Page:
A lottery is a type of gambling in which numbers are drawn to determine winners for prizes. It is typically run by a government and can be used to raise money for various projects and programs. In addition, it can be an entertaining way to spend time with friends and family. However, there are some important things to remember when playing a lottery.
The odds of winning a lottery are very low, and you should never expect to win. However, many people still play the lottery because they believe it is their only chance of becoming rich. If you want to increase your chances of winning, make sure you follow these tips:
When selecting your numbers, try not to pick too many of the same group or cluster. Instead, mix them up a bit by picking some numbers from the same group as well as some from different groups. In addition, try to avoid numbers that end with the same digit. Also, don’t select numbers that have been selected recently or in previous draws. Richard Lustig, who wrote the book How to Win the Lottery – The Secrets Behind the Numbers, suggests that you should try to cover a range of numbers from the available pool.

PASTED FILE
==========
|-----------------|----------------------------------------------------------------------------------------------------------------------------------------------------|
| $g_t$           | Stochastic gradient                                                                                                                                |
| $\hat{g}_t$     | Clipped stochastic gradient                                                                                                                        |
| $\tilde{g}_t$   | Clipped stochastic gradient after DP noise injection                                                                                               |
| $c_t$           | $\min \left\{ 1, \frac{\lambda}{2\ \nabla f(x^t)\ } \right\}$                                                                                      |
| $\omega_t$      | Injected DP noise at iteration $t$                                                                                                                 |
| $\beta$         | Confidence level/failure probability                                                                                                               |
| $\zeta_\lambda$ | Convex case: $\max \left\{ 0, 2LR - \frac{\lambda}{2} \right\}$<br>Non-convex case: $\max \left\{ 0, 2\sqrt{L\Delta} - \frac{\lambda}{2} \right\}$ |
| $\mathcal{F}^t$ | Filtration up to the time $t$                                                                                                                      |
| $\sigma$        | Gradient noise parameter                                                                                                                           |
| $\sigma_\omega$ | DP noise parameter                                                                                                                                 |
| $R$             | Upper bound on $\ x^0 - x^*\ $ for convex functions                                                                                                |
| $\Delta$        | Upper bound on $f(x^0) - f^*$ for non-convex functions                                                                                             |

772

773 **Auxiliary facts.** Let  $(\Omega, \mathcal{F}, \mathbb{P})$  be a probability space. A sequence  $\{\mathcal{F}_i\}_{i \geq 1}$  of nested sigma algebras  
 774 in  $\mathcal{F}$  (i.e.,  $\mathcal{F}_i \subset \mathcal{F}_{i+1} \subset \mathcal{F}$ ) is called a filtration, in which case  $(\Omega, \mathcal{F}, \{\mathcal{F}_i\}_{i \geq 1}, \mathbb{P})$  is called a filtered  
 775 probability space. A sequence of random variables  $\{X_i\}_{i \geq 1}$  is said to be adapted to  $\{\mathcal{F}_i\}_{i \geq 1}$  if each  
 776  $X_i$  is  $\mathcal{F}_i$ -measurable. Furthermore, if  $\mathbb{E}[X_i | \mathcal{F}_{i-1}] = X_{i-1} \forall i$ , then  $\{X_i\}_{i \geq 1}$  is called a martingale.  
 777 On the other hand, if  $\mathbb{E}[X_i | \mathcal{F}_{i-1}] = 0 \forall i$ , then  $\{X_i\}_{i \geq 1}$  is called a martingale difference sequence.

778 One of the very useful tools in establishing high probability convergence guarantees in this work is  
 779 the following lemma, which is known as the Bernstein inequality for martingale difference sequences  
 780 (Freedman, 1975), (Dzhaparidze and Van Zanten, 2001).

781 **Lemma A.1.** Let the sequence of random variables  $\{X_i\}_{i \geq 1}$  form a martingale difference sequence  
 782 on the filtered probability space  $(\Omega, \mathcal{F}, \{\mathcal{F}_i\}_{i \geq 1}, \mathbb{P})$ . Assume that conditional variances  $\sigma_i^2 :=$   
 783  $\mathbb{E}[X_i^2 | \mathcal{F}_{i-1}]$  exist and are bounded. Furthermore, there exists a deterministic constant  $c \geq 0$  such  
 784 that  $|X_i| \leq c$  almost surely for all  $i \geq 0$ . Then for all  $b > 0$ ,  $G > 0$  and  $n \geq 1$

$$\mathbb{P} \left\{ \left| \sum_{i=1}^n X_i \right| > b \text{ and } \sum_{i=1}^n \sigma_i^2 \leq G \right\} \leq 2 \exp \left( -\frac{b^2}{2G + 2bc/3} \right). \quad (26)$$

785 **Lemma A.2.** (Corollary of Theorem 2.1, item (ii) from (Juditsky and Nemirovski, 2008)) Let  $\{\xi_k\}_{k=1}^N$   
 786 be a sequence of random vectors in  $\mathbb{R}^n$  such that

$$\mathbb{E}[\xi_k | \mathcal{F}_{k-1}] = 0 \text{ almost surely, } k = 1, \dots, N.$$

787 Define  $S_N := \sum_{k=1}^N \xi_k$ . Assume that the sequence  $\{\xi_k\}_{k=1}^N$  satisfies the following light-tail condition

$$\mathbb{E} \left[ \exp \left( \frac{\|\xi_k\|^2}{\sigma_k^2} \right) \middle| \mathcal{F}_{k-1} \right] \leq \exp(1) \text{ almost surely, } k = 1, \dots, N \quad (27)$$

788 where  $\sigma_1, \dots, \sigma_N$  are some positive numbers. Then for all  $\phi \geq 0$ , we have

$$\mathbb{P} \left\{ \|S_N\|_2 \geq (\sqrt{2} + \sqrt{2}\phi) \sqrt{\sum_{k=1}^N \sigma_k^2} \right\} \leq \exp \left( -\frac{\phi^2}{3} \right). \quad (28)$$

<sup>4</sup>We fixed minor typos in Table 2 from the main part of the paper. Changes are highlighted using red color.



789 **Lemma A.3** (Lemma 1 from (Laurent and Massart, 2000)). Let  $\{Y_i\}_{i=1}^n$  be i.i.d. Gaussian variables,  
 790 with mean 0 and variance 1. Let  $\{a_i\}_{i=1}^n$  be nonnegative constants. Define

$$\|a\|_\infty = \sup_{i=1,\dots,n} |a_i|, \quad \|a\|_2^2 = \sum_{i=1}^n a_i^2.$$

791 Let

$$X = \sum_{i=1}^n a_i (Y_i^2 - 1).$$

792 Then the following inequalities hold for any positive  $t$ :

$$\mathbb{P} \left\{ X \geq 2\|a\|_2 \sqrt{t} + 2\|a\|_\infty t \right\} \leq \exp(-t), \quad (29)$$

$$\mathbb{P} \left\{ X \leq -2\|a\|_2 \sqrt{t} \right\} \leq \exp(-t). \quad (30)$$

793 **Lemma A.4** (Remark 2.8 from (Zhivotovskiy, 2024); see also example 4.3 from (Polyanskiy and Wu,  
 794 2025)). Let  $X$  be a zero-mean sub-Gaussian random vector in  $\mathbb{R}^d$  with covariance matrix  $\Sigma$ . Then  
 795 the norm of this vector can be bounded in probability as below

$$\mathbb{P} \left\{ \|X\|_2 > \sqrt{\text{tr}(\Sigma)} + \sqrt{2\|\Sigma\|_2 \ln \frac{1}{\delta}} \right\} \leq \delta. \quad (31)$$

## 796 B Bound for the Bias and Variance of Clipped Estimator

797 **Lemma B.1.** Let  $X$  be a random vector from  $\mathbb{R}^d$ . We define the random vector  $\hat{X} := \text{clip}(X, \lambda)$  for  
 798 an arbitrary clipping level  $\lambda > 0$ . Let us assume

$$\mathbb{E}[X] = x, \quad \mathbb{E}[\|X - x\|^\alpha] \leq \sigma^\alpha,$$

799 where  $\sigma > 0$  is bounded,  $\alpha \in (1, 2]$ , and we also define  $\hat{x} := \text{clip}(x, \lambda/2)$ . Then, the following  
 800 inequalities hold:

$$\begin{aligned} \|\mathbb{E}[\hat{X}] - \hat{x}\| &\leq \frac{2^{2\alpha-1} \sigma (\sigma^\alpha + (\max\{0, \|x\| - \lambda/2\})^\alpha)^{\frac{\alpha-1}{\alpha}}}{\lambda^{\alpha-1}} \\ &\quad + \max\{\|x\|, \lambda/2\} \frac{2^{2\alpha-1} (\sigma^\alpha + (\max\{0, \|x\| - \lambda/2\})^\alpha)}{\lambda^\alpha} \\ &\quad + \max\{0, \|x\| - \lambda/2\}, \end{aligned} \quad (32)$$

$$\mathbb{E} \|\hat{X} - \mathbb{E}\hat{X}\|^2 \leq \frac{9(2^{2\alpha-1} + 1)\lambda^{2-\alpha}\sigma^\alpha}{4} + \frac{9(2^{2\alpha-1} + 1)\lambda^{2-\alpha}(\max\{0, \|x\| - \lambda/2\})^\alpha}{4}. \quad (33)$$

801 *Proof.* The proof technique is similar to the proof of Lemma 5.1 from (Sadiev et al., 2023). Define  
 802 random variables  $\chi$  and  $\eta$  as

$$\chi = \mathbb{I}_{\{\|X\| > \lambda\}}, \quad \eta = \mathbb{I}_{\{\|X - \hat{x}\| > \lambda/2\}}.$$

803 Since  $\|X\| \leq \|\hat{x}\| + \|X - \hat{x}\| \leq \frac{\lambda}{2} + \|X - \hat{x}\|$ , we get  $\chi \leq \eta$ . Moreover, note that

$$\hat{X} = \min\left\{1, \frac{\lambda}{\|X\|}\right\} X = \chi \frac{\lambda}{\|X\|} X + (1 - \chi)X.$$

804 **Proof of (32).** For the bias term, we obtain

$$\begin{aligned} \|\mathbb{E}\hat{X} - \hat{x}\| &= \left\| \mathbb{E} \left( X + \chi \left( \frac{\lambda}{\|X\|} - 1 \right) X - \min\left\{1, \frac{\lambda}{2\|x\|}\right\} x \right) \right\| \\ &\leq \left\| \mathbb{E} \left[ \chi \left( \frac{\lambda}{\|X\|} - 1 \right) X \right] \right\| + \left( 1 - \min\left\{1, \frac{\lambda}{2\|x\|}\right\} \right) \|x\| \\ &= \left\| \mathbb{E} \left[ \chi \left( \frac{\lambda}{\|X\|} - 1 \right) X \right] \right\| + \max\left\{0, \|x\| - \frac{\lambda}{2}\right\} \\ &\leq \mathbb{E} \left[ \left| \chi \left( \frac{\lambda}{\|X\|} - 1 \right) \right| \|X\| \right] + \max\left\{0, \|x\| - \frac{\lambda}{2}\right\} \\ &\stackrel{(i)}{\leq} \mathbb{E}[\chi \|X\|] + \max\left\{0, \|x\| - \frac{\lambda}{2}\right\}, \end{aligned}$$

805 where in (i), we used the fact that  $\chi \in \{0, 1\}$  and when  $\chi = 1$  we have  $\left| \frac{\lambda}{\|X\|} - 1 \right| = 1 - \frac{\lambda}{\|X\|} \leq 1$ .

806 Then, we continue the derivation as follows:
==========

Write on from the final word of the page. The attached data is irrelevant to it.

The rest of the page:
If you are looking for a way to boost your chances of winning, you should consider buying scratch-off tickets. These tickets usually have a small prize amount and are cheaper than regular lottery tickets. However, they are not as secure as traditional tickets. In order to maximize your chances of winning, you should check the scratch-off ticket’s website for updated records on how much is still left in each prize category. It’s best to buy a ticket shortly after the lottery updates these records so that you have a better chance of winning.
In the 17th century, public lotteries were common in Europe. They were often used to raise money for town fortifications or the poor. Some were even organized as a form of taxation.
One of the reasons for this popularity was that they were seen as a painless way to raise money. Unlike other taxes, they didn’t affect the middle and working classes. In fact, the wealthy were often the ones who benefited the most from lotteries.
The first European lottery games to offer prize money in the form of cash probably originated in the 15th century in Burgundy and Flanders. The first public lotteries that awarded money prizes were held by Francis I.
In the early post-World War II period, state governments were expanding their range of services without heavy taxes on their citizens. As a result, they began to rely more on the lottery for revenue. This was especially true in the Northeast, where voters felt that they had a civic duty to help their state grow and prosper. The money that states make from the lottery is a drop in the bucket when you look at overall state revenues.